RECENTLY IT was revealed that launch customer Armavia will once again fly their Sukhoi Superjet, with the second plane on order also due to join the fleet. The Russian regional jet had entered service with the Armenian carrier in April 2011, but Sukhoi operations ceased four weeks after announcing the cancellation of the second aircraft on order in early July 2012. The airline explained that dispatch reliability was poor, the manufacturer responded that Armavia’s finances were to blame.

It may never be clear what brought about this crisis of confidence. It does, however, shine the spotlight on the rough service entry of one of Russian Aerospace’s most promising projects since those of the Soviet Union. In development as the RRJ for over a decade, the project held a distinct guarantee; to bring Russia back on the map of civil aircraft production on a global scale. Partnerships with Boeing, Snecma and Alenia Aeronautica as well as a European support system based in Venice solidified beliefs that this project had all the right ingredients to stand up to the competition.

It’s development marred by powerplant issues, Sukhoi announced delays for over two years, draining the program of much-needed confidence. Once in service, details began to emerge which painted the picture of a sub-standard aircraft. In-service reliability reflected it’s older wavering Soviet counterparts rather than modern competition in the form of Embraer’s E-Jets and Bombardier’s CRJ series.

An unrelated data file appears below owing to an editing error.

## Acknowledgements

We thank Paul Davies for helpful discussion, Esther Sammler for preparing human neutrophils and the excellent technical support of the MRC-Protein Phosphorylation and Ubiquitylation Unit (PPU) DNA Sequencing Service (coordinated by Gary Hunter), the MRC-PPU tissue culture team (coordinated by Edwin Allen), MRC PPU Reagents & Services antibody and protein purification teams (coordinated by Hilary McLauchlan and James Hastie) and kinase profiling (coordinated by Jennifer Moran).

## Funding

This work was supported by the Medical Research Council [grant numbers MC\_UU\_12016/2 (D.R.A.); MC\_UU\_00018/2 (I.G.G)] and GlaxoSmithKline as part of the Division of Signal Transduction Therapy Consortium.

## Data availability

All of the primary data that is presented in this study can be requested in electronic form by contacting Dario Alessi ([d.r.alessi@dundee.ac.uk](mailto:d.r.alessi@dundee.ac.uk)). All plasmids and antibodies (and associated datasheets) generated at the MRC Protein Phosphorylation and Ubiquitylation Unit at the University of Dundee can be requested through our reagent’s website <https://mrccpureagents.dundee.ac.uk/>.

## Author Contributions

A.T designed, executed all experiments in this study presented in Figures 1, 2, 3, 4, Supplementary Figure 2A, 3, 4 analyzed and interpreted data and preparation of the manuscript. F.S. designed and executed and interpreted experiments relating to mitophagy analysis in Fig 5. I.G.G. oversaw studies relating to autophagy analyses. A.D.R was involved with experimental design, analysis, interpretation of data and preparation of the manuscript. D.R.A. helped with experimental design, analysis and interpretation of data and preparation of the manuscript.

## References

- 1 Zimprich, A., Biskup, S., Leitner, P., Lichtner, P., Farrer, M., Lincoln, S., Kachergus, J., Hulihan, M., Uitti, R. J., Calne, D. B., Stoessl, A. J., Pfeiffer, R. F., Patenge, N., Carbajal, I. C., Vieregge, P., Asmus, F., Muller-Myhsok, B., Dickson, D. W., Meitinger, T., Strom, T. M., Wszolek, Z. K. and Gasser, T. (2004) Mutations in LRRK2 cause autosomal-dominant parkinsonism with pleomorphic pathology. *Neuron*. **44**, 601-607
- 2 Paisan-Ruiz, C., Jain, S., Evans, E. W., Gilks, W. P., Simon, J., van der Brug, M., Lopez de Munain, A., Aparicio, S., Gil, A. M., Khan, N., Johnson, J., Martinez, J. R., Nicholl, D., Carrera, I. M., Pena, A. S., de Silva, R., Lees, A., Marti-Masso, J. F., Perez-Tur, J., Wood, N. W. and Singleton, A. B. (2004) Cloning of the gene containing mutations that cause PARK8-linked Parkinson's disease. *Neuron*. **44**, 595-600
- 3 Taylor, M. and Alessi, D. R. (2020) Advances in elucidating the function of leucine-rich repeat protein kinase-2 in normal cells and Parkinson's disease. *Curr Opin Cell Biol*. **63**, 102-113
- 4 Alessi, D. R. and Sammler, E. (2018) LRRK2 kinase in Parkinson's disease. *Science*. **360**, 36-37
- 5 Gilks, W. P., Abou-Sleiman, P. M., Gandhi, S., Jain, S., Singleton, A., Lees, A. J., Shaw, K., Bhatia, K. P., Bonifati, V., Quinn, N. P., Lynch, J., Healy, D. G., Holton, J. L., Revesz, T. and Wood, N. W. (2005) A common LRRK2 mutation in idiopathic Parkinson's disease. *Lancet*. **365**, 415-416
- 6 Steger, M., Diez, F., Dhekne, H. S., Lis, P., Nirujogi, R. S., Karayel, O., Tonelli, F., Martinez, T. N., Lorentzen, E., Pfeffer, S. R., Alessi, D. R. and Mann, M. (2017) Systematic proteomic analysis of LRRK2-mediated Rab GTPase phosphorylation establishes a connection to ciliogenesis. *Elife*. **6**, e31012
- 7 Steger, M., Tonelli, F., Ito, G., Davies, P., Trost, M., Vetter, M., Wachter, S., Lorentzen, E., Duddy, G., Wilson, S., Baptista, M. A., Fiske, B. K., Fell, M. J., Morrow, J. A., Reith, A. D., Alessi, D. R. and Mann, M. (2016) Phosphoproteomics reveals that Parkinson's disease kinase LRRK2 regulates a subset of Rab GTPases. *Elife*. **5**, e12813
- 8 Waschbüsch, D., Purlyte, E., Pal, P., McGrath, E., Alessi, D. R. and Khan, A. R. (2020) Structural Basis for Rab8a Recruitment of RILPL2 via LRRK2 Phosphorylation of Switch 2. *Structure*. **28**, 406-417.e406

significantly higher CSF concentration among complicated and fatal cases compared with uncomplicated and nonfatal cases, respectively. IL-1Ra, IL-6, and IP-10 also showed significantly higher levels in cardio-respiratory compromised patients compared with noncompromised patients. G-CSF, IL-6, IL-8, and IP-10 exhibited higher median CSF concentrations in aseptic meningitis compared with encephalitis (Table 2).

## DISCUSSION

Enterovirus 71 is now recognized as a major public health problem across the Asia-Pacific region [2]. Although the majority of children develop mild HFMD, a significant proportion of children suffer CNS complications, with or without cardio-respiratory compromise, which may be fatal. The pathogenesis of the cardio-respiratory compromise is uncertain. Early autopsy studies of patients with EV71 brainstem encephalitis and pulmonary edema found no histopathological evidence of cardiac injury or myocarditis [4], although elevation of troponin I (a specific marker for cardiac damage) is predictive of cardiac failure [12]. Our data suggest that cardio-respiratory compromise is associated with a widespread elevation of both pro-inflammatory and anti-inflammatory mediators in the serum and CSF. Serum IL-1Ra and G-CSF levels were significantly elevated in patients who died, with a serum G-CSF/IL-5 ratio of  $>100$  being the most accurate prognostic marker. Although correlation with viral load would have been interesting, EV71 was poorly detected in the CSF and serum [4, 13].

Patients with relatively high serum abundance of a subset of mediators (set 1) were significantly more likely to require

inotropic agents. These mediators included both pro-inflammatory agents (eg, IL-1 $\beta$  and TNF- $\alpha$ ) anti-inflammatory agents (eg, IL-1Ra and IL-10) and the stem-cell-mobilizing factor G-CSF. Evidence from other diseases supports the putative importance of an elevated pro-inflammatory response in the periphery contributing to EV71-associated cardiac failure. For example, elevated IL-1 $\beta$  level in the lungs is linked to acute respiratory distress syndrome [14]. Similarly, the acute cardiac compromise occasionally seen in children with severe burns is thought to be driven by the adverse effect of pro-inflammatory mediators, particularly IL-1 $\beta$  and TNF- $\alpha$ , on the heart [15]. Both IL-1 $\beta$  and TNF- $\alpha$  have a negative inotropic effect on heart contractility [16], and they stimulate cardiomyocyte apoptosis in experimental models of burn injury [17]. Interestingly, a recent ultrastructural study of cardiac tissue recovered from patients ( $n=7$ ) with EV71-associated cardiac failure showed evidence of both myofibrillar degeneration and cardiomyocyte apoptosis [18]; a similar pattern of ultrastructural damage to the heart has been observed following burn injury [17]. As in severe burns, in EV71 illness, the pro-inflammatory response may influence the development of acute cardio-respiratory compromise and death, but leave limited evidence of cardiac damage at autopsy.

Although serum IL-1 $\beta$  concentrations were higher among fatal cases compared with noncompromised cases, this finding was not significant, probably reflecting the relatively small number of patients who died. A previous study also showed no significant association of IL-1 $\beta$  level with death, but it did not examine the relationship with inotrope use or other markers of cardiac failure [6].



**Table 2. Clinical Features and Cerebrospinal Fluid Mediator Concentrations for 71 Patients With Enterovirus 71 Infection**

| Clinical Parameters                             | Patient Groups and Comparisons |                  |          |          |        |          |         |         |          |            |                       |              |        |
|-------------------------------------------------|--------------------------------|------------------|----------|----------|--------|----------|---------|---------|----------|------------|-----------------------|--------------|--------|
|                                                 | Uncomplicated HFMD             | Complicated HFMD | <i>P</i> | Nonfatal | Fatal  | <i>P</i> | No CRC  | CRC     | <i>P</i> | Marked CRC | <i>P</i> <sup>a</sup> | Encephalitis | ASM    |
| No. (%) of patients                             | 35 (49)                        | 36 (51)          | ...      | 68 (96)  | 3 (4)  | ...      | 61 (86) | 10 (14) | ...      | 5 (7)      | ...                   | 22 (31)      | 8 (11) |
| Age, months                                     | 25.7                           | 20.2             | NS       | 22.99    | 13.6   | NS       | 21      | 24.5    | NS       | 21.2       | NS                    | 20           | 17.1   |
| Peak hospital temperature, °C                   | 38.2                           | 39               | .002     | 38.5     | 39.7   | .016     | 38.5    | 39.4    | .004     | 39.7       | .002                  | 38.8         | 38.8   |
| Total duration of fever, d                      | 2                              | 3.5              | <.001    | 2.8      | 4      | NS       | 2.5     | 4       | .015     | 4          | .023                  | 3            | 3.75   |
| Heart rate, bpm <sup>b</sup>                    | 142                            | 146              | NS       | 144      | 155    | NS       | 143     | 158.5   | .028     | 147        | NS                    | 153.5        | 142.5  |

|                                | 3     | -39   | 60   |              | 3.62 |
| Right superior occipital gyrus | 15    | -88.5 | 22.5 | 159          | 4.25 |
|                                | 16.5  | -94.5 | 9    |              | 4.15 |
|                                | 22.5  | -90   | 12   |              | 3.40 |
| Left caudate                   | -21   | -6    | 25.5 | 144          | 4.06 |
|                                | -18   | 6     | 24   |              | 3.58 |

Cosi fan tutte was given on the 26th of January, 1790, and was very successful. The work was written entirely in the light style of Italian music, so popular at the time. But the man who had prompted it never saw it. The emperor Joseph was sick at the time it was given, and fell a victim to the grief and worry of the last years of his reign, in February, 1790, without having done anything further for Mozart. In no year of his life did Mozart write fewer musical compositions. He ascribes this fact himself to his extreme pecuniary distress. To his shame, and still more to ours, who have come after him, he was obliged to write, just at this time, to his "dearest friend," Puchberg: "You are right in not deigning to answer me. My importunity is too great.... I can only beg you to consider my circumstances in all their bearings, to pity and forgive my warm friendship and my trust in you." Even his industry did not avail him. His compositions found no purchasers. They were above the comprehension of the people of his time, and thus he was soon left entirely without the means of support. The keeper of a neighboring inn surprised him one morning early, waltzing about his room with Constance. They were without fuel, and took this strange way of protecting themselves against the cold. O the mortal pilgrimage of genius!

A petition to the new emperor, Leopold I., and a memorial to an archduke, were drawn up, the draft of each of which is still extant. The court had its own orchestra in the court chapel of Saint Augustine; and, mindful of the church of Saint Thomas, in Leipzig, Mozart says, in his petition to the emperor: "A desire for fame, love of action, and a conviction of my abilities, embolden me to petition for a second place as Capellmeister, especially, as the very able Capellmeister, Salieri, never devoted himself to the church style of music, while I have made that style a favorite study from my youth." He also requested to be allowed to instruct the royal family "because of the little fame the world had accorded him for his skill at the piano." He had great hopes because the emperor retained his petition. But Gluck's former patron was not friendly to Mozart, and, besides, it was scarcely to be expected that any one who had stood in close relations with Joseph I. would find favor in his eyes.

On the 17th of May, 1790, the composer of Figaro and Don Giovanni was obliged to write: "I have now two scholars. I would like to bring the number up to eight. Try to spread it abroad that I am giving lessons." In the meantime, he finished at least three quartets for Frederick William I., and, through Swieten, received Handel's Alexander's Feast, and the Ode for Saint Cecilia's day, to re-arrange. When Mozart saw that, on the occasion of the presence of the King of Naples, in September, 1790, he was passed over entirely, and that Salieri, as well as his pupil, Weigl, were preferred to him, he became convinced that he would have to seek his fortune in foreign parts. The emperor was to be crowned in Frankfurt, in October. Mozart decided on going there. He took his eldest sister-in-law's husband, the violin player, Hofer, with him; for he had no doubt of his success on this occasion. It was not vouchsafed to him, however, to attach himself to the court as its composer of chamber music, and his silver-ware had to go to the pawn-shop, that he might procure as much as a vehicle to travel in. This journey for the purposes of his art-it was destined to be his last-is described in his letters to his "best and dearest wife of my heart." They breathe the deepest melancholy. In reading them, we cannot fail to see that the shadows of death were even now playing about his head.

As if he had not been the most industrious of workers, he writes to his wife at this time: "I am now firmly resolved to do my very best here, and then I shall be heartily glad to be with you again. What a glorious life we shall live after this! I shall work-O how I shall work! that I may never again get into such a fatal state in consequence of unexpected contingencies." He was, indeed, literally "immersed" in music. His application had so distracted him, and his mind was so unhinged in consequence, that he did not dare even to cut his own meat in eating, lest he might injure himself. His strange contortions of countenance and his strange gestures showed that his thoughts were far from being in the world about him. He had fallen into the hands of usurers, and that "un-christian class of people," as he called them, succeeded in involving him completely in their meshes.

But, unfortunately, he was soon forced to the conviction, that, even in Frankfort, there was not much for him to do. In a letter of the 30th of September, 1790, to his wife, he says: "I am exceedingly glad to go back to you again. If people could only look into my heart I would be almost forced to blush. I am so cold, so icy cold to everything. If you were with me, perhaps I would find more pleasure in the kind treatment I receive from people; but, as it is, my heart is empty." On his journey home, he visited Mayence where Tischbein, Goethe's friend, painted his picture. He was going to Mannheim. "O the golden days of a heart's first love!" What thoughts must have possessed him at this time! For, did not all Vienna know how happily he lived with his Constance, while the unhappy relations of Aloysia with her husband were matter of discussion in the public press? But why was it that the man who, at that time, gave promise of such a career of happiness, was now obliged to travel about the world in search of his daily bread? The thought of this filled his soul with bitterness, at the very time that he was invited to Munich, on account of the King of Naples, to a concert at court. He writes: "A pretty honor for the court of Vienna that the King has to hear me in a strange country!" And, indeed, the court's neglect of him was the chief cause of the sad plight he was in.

Deliveries also seem to be falling behind schedule. Even fairly recent articles suggest that Gazpromavia, Kartika, UTair and Yakutia should have all joined Aeroflot and Armavia in flying the SSJ100 by now. Most of these airlines have yet to see their planes being built.

Arguably Sukhoi’s biggest sales victory, Interjet of Mexico holds orders for 20 SSJ100s. Originally due this year, first delivery is now tentatively scheduled for March 2013

While in no way related to delivery issues, the unfortunate crash during a demonstration flight in Indonesia undoubtedly hurt potential interest from more carriers. It is worth noting the parallels to Air France 296, an A320 demonstration flight which crashed in to the forest near the runway in Habsheim, France. In that case, the program was recoverable.

Sukhoi have yet to prove that they are a force to be reckoned with. Implementation of a firm delivery schedule and stricter quality control is necessary. With newer programs such as the larger MS-21 on the drawing board, future success will be limited if the development proves to be anything like that of Sukhoi’s so far. The promise of a modern Russian venture in commercial aviation has yet to be fulfilled.


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